Diagnosing Shoulder & Elbow Fractures
NYU Langone orthopedic surgeons diagnose shoulder and elbow fractures using a physical exam and imaging tests that reveal the location of a fracture and how many bones are affected. These tests also let our doctors know whether an injury has caused damage to the surrounding soft tissue structures such as muscles, ligaments, or tendons.
Most fractures require immediate medical care. If you have been injured, feel pain in the arm or shoulder, and have trouble moving or extending the arm, our doctors recommend going to a nearby emergency room.
A fracture, or broken bone, may occur in one or more of the bones in the shoulder and elbow. Most fractures in these joints occur because of a fall, car accident, or sports injury, such as a hard tackle in football or hockey.
Most of the time, the severity of a fracture varies depending on how much force was applied to the bone. A fracture may be a thin crack in a bone, called a hairline fracture. This type of fracture may not cause a visible injury or limit arm or shoulder motion, but can cause aching pain and redness or swelling around the site of the injury.
More serious fractures may break a bone completely and prevent you from using the affected arm. Other symptoms include sharp pain, swelling, bruising, and tenderness. Some fractures may cause a visible protrusion beneath the skin such as a bump. If a broken bone breaks through the skin, it is called an open fracture. In most shoulder and elbow injuries, open fractures are rare.
Sometimes, a shoulder or elbow fracture injures nerves or blood vessels. This can occur if the fractured bone is displaced—moved out of its normal position—and presses against nerves or blood vessels that are nearby. An injured nerve may cause weakness, tingling, or numbness in the arm or hand. An injured blood vessel may cause internal bleeding.
People with osteoporosis, a condition that causes bones to become weak and fragile, are at an increased risk of fractures. They may sustain an injury after a minor accident, such as tripping on a stair and putting out a hand to break the fall.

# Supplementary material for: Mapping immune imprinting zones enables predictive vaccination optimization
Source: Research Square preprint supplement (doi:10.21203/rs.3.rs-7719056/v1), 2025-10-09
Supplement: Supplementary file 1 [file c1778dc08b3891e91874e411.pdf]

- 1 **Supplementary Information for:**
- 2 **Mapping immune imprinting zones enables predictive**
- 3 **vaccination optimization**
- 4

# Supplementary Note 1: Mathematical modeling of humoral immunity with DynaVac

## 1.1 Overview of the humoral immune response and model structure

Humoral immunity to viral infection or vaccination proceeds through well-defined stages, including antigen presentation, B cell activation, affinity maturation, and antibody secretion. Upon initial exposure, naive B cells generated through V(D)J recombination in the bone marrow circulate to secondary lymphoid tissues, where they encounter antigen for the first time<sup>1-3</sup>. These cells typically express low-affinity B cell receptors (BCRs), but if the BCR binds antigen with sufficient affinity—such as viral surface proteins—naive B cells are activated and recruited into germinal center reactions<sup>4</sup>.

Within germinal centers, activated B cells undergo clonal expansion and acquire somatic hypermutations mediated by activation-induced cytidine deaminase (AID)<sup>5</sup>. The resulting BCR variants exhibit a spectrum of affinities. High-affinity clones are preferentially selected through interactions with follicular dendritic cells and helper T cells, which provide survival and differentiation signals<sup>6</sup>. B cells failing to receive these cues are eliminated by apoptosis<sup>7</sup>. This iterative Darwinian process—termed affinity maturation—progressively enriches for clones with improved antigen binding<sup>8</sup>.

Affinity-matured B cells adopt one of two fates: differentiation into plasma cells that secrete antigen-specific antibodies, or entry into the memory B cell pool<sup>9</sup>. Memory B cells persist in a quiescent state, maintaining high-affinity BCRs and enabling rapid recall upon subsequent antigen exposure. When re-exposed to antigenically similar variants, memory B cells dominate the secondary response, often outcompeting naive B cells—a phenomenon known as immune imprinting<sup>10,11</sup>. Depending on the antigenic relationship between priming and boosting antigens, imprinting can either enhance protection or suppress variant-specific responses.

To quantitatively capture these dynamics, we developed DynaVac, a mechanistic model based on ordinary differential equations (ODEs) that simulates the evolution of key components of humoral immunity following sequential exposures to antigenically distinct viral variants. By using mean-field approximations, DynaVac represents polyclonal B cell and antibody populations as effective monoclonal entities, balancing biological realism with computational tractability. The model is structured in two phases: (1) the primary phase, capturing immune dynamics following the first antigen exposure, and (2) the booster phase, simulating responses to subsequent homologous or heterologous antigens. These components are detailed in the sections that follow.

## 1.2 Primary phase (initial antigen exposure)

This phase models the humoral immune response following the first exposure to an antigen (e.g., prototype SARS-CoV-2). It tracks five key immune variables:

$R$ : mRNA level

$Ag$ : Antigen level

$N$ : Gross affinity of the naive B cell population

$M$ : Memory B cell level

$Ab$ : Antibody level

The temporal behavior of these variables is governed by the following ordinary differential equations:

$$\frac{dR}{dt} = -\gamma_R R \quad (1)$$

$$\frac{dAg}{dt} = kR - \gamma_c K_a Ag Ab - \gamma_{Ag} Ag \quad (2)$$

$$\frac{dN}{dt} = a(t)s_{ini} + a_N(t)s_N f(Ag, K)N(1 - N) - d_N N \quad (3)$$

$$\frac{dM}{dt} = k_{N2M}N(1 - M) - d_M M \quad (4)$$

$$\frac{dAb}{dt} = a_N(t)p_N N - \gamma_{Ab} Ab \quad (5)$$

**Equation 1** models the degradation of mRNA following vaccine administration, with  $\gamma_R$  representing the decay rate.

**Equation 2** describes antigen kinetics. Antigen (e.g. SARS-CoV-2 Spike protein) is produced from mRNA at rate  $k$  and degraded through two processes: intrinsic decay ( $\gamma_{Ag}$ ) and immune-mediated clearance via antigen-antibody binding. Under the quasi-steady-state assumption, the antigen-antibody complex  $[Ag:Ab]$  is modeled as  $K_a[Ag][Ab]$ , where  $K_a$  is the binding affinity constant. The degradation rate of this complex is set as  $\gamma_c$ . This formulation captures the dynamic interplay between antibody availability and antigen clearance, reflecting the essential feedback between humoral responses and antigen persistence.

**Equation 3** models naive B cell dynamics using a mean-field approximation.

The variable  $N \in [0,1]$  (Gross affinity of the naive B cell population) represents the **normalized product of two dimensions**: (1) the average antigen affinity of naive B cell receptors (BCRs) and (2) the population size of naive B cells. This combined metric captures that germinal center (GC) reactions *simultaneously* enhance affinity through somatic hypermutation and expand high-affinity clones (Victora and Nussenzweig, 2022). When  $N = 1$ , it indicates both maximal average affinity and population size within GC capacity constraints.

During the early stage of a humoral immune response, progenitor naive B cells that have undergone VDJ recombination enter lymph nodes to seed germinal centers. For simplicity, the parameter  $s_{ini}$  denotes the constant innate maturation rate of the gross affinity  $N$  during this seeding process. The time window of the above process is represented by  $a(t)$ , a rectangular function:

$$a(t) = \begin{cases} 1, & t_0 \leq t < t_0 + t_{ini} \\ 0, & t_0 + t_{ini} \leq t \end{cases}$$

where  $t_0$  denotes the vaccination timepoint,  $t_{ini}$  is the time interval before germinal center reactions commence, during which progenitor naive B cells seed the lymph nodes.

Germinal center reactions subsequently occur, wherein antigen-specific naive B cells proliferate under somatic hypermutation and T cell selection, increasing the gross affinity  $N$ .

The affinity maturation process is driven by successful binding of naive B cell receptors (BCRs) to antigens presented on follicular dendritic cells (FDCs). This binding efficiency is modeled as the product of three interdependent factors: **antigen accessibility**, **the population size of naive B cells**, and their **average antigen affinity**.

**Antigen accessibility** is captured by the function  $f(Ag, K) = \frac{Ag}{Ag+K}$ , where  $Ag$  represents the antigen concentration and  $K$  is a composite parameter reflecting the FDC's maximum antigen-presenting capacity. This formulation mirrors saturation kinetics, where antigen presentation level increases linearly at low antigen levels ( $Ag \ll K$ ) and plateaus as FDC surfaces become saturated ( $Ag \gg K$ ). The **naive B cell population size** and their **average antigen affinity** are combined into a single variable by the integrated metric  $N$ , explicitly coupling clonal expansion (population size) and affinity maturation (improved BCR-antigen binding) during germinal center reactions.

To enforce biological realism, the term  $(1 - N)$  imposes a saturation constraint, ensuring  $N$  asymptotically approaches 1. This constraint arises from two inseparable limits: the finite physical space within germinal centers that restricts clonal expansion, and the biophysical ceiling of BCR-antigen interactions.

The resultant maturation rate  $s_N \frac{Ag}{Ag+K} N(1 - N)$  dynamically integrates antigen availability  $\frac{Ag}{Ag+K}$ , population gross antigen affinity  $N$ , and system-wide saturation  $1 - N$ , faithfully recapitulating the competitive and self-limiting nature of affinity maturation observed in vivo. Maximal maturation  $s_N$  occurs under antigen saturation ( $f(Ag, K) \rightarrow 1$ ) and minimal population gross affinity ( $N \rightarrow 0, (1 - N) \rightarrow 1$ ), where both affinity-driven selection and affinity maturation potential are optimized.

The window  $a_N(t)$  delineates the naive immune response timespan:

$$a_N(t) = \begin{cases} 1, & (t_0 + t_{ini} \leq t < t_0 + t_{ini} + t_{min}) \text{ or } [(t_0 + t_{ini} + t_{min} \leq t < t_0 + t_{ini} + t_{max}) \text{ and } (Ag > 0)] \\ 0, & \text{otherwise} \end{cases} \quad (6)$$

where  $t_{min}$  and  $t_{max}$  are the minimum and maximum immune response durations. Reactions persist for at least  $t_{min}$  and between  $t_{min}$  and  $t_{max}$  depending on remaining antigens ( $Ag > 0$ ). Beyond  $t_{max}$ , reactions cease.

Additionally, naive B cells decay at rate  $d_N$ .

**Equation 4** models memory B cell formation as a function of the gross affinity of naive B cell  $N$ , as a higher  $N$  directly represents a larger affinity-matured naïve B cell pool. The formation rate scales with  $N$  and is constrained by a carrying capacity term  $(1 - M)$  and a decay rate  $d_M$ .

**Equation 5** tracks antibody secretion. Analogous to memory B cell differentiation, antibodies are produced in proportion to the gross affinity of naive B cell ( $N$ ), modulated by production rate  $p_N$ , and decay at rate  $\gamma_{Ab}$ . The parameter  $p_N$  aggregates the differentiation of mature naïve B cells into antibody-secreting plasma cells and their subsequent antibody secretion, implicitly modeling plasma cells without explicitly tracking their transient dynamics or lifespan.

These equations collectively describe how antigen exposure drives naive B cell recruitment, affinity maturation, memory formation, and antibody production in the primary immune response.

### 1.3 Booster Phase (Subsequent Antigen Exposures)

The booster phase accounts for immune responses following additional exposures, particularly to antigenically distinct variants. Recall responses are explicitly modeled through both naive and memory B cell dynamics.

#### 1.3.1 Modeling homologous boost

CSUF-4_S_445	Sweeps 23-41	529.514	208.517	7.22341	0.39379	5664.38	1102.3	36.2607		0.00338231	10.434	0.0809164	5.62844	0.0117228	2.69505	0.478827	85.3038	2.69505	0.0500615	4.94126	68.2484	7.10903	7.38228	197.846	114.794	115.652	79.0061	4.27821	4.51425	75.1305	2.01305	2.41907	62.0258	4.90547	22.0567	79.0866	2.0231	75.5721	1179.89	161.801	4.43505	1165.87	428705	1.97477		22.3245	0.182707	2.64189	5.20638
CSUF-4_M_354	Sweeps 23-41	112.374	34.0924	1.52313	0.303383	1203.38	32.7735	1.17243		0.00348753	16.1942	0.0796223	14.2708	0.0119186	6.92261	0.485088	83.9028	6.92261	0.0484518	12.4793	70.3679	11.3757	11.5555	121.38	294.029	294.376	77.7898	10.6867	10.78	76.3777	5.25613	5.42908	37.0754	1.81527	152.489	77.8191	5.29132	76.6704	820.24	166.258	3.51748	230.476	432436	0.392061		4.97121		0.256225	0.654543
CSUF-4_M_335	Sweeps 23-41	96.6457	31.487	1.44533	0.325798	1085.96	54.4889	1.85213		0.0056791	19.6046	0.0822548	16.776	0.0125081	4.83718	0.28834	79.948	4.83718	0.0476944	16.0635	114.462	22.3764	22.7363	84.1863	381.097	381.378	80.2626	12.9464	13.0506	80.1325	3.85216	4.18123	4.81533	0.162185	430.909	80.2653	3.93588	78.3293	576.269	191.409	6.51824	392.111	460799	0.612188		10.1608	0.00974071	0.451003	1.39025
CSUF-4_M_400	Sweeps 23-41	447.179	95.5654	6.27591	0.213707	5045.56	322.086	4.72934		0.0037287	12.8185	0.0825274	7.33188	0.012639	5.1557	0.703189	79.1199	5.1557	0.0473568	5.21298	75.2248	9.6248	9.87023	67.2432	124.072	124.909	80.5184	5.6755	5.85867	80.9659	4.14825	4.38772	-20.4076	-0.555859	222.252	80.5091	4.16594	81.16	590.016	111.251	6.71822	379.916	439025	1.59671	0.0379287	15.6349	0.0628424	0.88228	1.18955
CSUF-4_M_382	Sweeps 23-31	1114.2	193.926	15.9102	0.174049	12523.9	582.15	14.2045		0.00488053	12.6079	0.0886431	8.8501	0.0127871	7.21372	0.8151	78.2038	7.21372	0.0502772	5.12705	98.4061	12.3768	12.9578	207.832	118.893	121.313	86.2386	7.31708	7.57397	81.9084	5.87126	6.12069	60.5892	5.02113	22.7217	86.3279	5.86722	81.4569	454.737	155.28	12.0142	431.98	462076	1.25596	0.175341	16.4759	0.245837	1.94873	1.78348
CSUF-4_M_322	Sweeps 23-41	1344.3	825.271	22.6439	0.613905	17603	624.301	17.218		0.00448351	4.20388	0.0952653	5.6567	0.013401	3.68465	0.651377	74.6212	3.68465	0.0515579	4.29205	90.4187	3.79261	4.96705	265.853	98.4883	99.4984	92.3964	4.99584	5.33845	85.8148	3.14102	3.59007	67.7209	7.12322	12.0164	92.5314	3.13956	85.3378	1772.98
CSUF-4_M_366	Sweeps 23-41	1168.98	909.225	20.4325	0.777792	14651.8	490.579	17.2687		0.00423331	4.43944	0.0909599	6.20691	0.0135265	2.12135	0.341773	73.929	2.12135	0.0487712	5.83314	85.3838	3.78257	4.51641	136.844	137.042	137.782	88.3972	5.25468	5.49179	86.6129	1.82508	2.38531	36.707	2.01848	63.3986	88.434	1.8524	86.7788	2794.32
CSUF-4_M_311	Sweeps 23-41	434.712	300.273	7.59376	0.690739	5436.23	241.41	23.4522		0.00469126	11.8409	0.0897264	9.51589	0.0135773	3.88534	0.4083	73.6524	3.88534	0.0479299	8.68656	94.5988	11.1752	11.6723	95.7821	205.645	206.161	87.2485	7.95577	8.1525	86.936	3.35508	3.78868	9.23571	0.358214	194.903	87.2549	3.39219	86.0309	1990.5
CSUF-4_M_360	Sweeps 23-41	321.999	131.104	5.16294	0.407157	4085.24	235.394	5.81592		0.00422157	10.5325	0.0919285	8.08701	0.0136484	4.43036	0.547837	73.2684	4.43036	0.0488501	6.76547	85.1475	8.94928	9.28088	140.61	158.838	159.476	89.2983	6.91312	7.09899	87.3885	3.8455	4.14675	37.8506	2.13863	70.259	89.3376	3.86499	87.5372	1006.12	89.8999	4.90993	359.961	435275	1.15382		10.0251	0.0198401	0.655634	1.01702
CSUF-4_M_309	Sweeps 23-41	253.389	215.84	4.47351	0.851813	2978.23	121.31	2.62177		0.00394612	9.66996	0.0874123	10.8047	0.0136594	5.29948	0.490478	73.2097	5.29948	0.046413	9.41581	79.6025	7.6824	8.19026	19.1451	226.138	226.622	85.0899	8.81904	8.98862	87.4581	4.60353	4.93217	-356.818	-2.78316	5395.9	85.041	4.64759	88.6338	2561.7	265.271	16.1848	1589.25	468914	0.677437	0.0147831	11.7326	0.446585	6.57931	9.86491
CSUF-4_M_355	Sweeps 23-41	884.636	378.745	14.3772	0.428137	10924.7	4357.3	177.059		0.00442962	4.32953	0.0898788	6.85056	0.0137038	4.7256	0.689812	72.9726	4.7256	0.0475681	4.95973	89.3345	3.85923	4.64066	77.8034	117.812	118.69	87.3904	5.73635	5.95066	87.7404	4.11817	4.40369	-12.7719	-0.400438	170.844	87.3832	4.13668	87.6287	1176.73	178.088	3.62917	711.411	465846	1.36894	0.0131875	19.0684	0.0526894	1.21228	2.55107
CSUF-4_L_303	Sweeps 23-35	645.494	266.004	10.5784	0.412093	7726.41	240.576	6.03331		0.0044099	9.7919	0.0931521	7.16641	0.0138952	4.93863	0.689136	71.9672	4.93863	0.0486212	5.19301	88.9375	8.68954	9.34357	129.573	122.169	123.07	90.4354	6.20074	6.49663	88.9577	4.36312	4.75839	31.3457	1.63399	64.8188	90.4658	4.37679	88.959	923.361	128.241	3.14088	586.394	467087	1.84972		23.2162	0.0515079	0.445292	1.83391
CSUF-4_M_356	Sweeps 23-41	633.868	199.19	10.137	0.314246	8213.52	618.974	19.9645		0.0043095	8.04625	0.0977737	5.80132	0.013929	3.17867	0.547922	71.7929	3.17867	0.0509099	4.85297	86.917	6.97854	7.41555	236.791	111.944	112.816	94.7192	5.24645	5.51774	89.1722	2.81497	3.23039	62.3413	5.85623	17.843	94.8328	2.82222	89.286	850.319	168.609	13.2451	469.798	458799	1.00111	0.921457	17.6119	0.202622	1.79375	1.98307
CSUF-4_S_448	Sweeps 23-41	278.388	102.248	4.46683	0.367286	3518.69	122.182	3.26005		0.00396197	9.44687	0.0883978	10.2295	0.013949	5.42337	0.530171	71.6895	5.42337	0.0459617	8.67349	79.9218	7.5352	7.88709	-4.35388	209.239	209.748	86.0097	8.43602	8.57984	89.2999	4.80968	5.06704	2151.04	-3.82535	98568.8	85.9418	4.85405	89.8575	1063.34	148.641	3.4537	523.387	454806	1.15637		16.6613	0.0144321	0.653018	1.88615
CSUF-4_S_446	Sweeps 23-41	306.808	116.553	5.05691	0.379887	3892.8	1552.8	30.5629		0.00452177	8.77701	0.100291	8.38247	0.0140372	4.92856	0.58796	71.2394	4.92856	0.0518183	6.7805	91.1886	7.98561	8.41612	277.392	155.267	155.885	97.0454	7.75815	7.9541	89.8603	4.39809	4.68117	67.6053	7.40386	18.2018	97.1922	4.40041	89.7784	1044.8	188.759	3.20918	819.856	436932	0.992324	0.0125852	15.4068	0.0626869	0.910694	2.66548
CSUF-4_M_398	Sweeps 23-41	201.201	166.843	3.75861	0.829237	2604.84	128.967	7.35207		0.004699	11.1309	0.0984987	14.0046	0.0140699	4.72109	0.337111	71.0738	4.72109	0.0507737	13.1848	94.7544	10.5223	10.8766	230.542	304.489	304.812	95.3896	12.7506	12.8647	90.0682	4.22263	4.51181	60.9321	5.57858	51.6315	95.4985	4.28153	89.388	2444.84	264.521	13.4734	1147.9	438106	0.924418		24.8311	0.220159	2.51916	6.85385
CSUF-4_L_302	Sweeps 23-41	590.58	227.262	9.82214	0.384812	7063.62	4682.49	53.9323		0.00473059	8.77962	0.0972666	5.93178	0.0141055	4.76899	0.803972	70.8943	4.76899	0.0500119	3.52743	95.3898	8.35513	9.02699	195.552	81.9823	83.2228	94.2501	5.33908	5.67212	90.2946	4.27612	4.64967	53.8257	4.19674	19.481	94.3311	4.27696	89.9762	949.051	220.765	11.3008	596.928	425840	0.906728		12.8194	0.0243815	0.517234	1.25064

Orthopedic specialists at NYU Langone evaluate the affected shoulder or elbow during a physical exam and confirm the diagnosis using imaging tests.
Your doctor examines the shoulder and elbow, assessing the amount of swelling, bruising, and disfigurement, and asks about the type and severity of pain you’re experiencing.
An open fracture is visible immediately because the bone protrudes through the skin. These injuries should be treated in the emergency room.
With closed fractures, in which the bone fragments remain beneath the skin, the doctor asks questions about how the injury occurred, how much pain you feel, and exactly where the pain is located. You may be asked to extend or flex your arm as much as possible, so the doctor can evaluate whether other bones, tendons, or ligaments are injured as well.
During an exam, the doctor also asks questions about your medical and family history. Information about other medical conditions or previous shoulder or elbow injuries helps our doctors to make an accurate diagnosis and recommend appropriate treatment.
NYU Langone radiologists, who specialize in administering and interpreting diagnostic imaging tests, work closely with orthopedic doctors to take detailed images of the shoulder or elbow.
X-ray images can reveal the location of a fractured bone in the shoulder or elbow. They also help your doctor to determine whether the break goes all the way through the bone or just affects the surface.
During a CT scan, a series of X-rays is taken to create two- or three-dimensional computer images of the shoulder or elbow, letting doctors examine a fracture from many different angles. Your doctor may recommend a CT scan if an X-ray reveals that a fracture has occurred in more than one place in the bone, or if pieces of bone have separated from each other.
NYU Langone specialists use new techniques to ensure that CT scans use the lowest possible dose of radiation.
If a shoulder or elbow fracture is severe and doctors suspect the injury has affected nearby ligaments, tendons, or nerves, they may recommend MRI. An MRI scan uses magnetic fields to take detailed images of the soft tissue surrounding the joint, and can reveal whether there are torn or strained ligaments or tendons. The scan also indicates whether a bone fragment is pressing on a nearby nerve.